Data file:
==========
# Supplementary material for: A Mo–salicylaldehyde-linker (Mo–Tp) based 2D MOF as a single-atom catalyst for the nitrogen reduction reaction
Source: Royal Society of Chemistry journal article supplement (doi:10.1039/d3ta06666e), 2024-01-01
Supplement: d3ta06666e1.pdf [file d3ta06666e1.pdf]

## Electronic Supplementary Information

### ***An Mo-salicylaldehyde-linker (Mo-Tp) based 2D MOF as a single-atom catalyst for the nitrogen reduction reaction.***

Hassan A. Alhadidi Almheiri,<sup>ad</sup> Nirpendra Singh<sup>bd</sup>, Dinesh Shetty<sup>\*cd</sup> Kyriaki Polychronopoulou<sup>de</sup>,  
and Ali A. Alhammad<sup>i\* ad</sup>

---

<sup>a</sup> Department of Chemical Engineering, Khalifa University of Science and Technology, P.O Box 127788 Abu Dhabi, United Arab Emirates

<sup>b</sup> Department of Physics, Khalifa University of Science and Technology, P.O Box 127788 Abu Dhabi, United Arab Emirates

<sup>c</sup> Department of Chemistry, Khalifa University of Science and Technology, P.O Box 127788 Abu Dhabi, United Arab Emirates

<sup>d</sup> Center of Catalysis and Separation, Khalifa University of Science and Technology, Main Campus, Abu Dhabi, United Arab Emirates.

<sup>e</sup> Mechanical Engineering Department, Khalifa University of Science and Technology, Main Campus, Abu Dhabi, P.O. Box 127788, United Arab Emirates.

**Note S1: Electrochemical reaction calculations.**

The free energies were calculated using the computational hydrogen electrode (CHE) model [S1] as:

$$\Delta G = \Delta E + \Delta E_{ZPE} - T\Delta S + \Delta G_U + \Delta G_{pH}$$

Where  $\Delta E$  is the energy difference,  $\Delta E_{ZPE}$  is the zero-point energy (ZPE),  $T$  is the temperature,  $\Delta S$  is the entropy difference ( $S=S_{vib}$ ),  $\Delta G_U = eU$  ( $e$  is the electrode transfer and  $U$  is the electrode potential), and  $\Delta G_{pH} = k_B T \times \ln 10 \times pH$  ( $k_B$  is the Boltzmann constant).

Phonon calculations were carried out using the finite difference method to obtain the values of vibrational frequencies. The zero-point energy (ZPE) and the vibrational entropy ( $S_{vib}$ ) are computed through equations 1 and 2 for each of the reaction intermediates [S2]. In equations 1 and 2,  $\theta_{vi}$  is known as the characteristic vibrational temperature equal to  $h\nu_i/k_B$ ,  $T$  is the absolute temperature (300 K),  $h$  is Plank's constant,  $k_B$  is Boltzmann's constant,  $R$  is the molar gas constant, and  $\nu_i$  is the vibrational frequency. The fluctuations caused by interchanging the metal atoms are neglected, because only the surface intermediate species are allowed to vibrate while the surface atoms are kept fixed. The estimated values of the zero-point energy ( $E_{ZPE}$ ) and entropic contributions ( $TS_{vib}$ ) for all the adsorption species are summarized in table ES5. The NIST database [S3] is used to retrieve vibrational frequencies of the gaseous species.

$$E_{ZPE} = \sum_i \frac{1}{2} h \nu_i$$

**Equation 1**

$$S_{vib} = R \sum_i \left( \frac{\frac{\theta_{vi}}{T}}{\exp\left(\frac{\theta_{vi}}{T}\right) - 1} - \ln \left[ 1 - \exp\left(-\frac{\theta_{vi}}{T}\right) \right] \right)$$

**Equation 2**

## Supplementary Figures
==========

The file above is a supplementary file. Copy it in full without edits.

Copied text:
# Supplementary material for: A Mo–salicylaldehyde-linker (Mo–Tp) based 2D MOF as a single-atom catalyst for the nitrogen reduction reaction
Source: Royal Society of Chemistry journal article supplement (doi:10.1039/d3ta06666e), 2024-01-01
Supplement: d3ta06666e1.pdf [file d3ta06666e1.pdf]

## Electronic Supplementary Information

### ***An Mo-salicylaldehyde-linker (Mo-Tp) based 2D MOF as a single-atom catalyst for the nitrogen reduction reaction.***

Hassan A. Alhadidi Almheiri,<sup>ad</sup> Nirpendra Singh<sup>bd</sup>, Dinesh Shetty<sup>\*cd</sup> Kyriaki Polychronopoulou<sup>de</sup>,  
and Ali A. Alhammad<sup>i\* ad</sup>

---

<sup>a</sup> Department of Chemical Engineering, Khalifa University of Science and Technology, P.O Box 127788 Abu Dhabi, United Arab Emirates

<sup>b</sup> Department of Physics, Khalifa University of Science and Technology, P.O Box 127788 Abu Dhabi, United Arab Emirates

<sup>c</sup> Department of Chemistry, Khalifa University of Science and Technology, P.O Box 127788 Abu Dhabi, United Arab Emirates

<sup>d</sup> Center of Catalysis and Separation, Khalifa University of Science and Technology, Main Campus, Abu Dhabi, United Arab Emirates.

<sup>e</sup> Mechanical Engineering Department, Khalifa University of Science and Technology, Main Campus, Abu Dhabi, P.O. Box 127788, United Arab Emirates.

**Note S1: Electrochemical reaction calculations.**

The free energies were calculated using the computational hydrogen electrode (CHE) model [S1] as:

$$\Delta G = \Delta E + \Delta E_{ZPE} - T\Delta S + \Delta G_U + \Delta G_{pH}$$

Where  $\Delta E$  is the energy difference,  $\Delta E_{ZPE}$  is the zero-point energy (ZPE),  $T$  is the temperature,  $\Delta S$  is the entropy difference ( $S=S_{vib}$ ),  $\Delta G_U = eU$  ( $e$  is the electrode transfer and  $U$  is the electrode potential), and  $\Delta G_{pH} = k_B T \times \ln 10 \times pH$  ( $k_B$  is the Boltzmann constant).

Phonon calculations were carried out using the finite difference method to obtain the values of vibrational frequencies. The zero-point energy (ZPE) and the vibrational entropy ( $S_{vib}$ ) are computed through equations 1 and 2 for each of the reaction intermediates [S2]. In equations 1 and 2,  $\theta_{vi}$  is known as the characteristic vibrational temperature equal to  $h\nu_i/k_B$ ,  $T$  is the absolute temperature (300 K),  $h$  is Plank's constant,  $k_B$  is Boltzmann's constant,  $R$  is the molar gas constant, and  $\nu_i$  is the vibrational frequency. The fluctuations caused by interchanging the metal atoms are neglected, because only the surface intermediate species are allowed to vibrate while the surface atoms are kept fixed. The estimated values of the zero-point energy ( $E_{ZPE}$ ) and entropic contributions ( $TS_{vib}$ ) for all the adsorption species are summarized in table ES5. The NIST database [S3] is used to retrieve vibrational frequencies of the gaseous species.

$$E_{ZPE} = \sum_i \frac{1}{2} h \nu_i$$

**Equation 1**

$$S_{vib} = R \sum_i \left( \frac{\frac{\theta_{vi}}{T}}{\exp\left(\frac{\theta_{vi}}{T}\right) - 1} - \ln \left[ 1 - \exp\left(-\frac{\theta_{vi}}{T}\right) \right] \right)$$

**Equation 2**

## Supplementary Figures